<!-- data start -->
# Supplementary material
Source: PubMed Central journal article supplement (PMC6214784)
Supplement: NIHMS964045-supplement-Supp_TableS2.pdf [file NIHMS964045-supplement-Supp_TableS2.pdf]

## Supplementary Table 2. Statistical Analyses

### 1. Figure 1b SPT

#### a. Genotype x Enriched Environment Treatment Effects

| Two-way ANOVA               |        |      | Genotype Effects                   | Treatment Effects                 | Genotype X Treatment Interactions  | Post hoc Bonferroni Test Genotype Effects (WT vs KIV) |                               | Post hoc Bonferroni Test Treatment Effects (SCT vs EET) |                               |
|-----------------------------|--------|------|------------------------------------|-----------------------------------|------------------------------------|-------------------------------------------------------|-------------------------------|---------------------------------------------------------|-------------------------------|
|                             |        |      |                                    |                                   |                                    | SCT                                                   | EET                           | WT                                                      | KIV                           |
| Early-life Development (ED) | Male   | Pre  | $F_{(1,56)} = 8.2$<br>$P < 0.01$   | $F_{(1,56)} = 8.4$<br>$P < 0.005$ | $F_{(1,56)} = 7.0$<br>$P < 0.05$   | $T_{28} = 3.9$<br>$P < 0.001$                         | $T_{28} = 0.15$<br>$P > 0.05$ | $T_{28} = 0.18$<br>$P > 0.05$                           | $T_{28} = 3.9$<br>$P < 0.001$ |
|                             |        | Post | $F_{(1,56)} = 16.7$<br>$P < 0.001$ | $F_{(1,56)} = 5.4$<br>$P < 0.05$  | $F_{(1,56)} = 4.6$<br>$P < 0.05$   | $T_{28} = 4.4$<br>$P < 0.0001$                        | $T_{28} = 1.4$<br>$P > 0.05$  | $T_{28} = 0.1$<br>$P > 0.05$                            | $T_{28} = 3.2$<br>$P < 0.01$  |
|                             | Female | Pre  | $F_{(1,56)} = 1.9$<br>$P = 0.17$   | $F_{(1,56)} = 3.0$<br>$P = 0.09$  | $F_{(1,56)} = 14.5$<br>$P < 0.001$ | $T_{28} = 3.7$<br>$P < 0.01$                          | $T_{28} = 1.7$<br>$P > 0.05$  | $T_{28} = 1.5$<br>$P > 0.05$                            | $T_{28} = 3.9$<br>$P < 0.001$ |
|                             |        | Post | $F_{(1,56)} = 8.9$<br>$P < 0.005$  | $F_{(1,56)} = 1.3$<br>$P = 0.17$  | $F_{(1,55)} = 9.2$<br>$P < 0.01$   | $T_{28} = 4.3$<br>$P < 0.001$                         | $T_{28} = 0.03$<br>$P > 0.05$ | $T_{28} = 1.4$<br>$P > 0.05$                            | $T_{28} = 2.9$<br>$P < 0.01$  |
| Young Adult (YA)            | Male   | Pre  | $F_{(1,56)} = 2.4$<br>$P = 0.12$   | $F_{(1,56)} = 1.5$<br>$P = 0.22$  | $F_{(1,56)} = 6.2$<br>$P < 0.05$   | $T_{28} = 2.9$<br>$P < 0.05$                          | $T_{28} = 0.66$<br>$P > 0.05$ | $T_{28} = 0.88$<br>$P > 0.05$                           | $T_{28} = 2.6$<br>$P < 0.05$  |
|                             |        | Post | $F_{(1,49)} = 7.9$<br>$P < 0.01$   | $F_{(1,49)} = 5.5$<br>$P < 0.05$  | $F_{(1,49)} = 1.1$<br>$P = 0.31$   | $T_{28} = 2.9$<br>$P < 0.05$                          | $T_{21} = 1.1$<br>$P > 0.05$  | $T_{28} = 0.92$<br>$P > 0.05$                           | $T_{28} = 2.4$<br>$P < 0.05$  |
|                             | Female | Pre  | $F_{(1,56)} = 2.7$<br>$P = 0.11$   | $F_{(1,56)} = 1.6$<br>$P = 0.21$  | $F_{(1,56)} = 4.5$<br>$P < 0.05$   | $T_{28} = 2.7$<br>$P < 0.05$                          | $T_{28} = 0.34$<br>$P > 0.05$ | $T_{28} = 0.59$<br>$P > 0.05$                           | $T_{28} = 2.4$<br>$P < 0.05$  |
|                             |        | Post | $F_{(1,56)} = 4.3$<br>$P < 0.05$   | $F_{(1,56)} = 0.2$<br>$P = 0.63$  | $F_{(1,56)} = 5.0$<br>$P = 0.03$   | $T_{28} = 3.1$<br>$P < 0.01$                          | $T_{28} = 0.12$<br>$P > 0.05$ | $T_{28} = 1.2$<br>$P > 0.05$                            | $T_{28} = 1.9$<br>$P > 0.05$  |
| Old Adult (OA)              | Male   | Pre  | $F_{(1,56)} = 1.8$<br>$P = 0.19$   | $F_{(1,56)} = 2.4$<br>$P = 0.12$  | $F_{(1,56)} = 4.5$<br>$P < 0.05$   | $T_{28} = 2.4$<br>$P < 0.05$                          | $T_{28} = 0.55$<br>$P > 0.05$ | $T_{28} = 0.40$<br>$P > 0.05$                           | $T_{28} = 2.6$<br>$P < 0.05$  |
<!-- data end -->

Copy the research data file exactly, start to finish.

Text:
# Supplementary material
Source: PubMed Central journal article supplement (PMC6214784)
Supplement: NIHMS964045-supplement-Supp_TableS2.pdf [file NIHMS964045-supplement-Supp_TableS2.pdf]

## Supplementary Table 2. Statistical Analyses

### 1. Figure 1b SPT

#### a. Genotype x Enriched Environment Treatment Effects

| Two-way ANOVA               |        |      | Genotype Effects                   | Treatment Effects                 | Genotype X Treatment Interactions  | Post hoc Bonferroni Test Genotype Effects (WT vs KIV) |                               | Post hoc Bonferroni Test Treatment Effects (SCT vs EET) |                               |
|-----------------------------|--------|------|------------------------------------|-----------------------------------|------------------------------------|-------------------------------------------------------|-------------------------------|---------------------------------------------------------|-------------------------------|
|                             |        |      |                                    |                                   |                                    | SCT                                                   | EET                           | WT                                                      | KIV                           |
| Early-life Development (ED) | Male   | Pre  | $F_{(1,56)} = 8.2$<br>$P < 0.01$   | $F_{(1,56)} = 8.4$<br>$P < 0.005$ | $F_{(1,56)} = 7.0$<br>$P < 0.05$   | $T_{28} = 3.9$<br>$P < 0.001$                         | $T_{28} = 0.15$<br>$P > 0.05$ | $T_{28} = 0.18$<br>$P > 0.05$                           | $T_{28} = 3.9$<br>$P < 0.001$ |
|                             |        | Post | $F_{(1,56)} = 16.7$<br>$P < 0.001$ | $F_{(1,56)} = 5.4$<br>$P < 0.05$  | $F_{(1,56)} = 4.6$<br>$P < 0.05$   | $T_{28} = 4.4$<br>$P < 0.0001$                        | $T_{28} = 1.4$<br>$P > 0.05$  | $T_{28} = 0.1$<br>$P > 0.05$                            | $T_{28} = 3.2$<br>$P < 0.01$  |
|                             | Female | Pre  | $F_{(1,56)} = 1.9$<br>$P = 0.17$   | $F_{(1,56)} = 3.0$<br>$P = 0.09$  | $F_{(1,56)} = 14.5$<br>$P < 0.001$ | $T_{28} = 3.7$<br>$P < 0.01$                          | $T_{28} = 1.7$<br>$P > 0.05$  | $T_{28} = 1.5$<br>$P > 0.05$                            | $T_{28} = 3.9$<br>$P < 0.001$ |
|                             |        | Post | $F_{(1,56)} = 8.9$<br>$P < 0.005$  | $F_{(1,56)} = 1.3$<br>$P = 0.17$  | $F_{(1,55)} = 9.2$<br>$P < 0.01$   | $T_{28} = 4.3$<br>$P < 0.001$                         | $T_{28} = 0.03$<br>$P > 0.05$ | $T_{28} = 1.4$<br>$P > 0.05$                            | $T_{28} = 2.9$<br>$P < 0.01$  |
| Young Adult (YA)            | Male   | Pre  | $F_{(1,56)} = 2.4$<br>$P = 0.12$   | $F_{(1,56)} = 1.5$<br>$P = 0.22$  | $F_{(1,56)} = 6.2$<br>$P < 0.05$   | $T_{28} = 2.9$<br>$P < 0.05$                          | $T_{28} = 0.66$<br>$P > 0.05$ | $T_{28} = 0.88$<br>$P > 0.05$                           | $T_{28} = 2.6$<br>$P < 0.05$  |
|                             |        | Post | $F_{(1,49)} = 7.9$<br>$P < 0.01$   | $F_{(1,49)} = 5.5$<br>$P < 0.05$  | $F_{(1,49)} = 1.1$<br>$P = 0.31$   | $T_{28} = 2.9$<br>$P < 0.05$                          | $T_{21} = 1.1$<br>$P > 0.05$  | $T_{28} = 0.92$<br>$P > 0.05$                           | $T_{28} = 2.4$<br>$P < 0.05$  |
|                             | Female | Pre  | $F_{(1,56)} = 2.7$<br>$P = 0.11$   | $F_{(1,56)} = 1.6$<br>$P = 0.21$  | $F_{(1,56)} = 4.5$<br>$P < 0.05$   | $T_{28} = 2.7$<br>$P < 0.05$                          | $T_{28} = 0.34$<br>$P > 0.05$ | $T_{28} = 0.59$<br>$P > 0.05$                           | $T_{28} = 2.4$<br>$P < 0.05$  |
|                             |        | Post | $F_{(1,56)} = 4.3$<br>$P < 0.05$   | $F_{(1,56)} = 0.2$<br>$P = 0.63$  | $F_{(1,56)} = 5.0$<br>$P = 0.03$   | $T_{28} = 3.1$<br>$P < 0.01$                          | $T_{28} = 0.12$<br>$P > 0.05$ | $T_{28} = 1.2$<br>$P > 0.05$                            | $T_{28} = 1.9$<br>$P > 0.05$  |
| Old Adult (OA)              | Male   | Pre  | $F_{(1,56)} = 1.8$<br>$P = 0.19$   | $F_{(1,56)} = 2.4$<br>$P = 0.12$  | $F_{(1,56)} = 4.5$<br>$P < 0.05$   | $T_{28} = 2.4$<br>$P < 0.05$                          | $T_{28} = 0.55$<br>$P > 0.05$ | $T_{28} = 0.40$<br>$P > 0.05$                           | $T_{28} = 2.6$<br>$P < 0.05$  |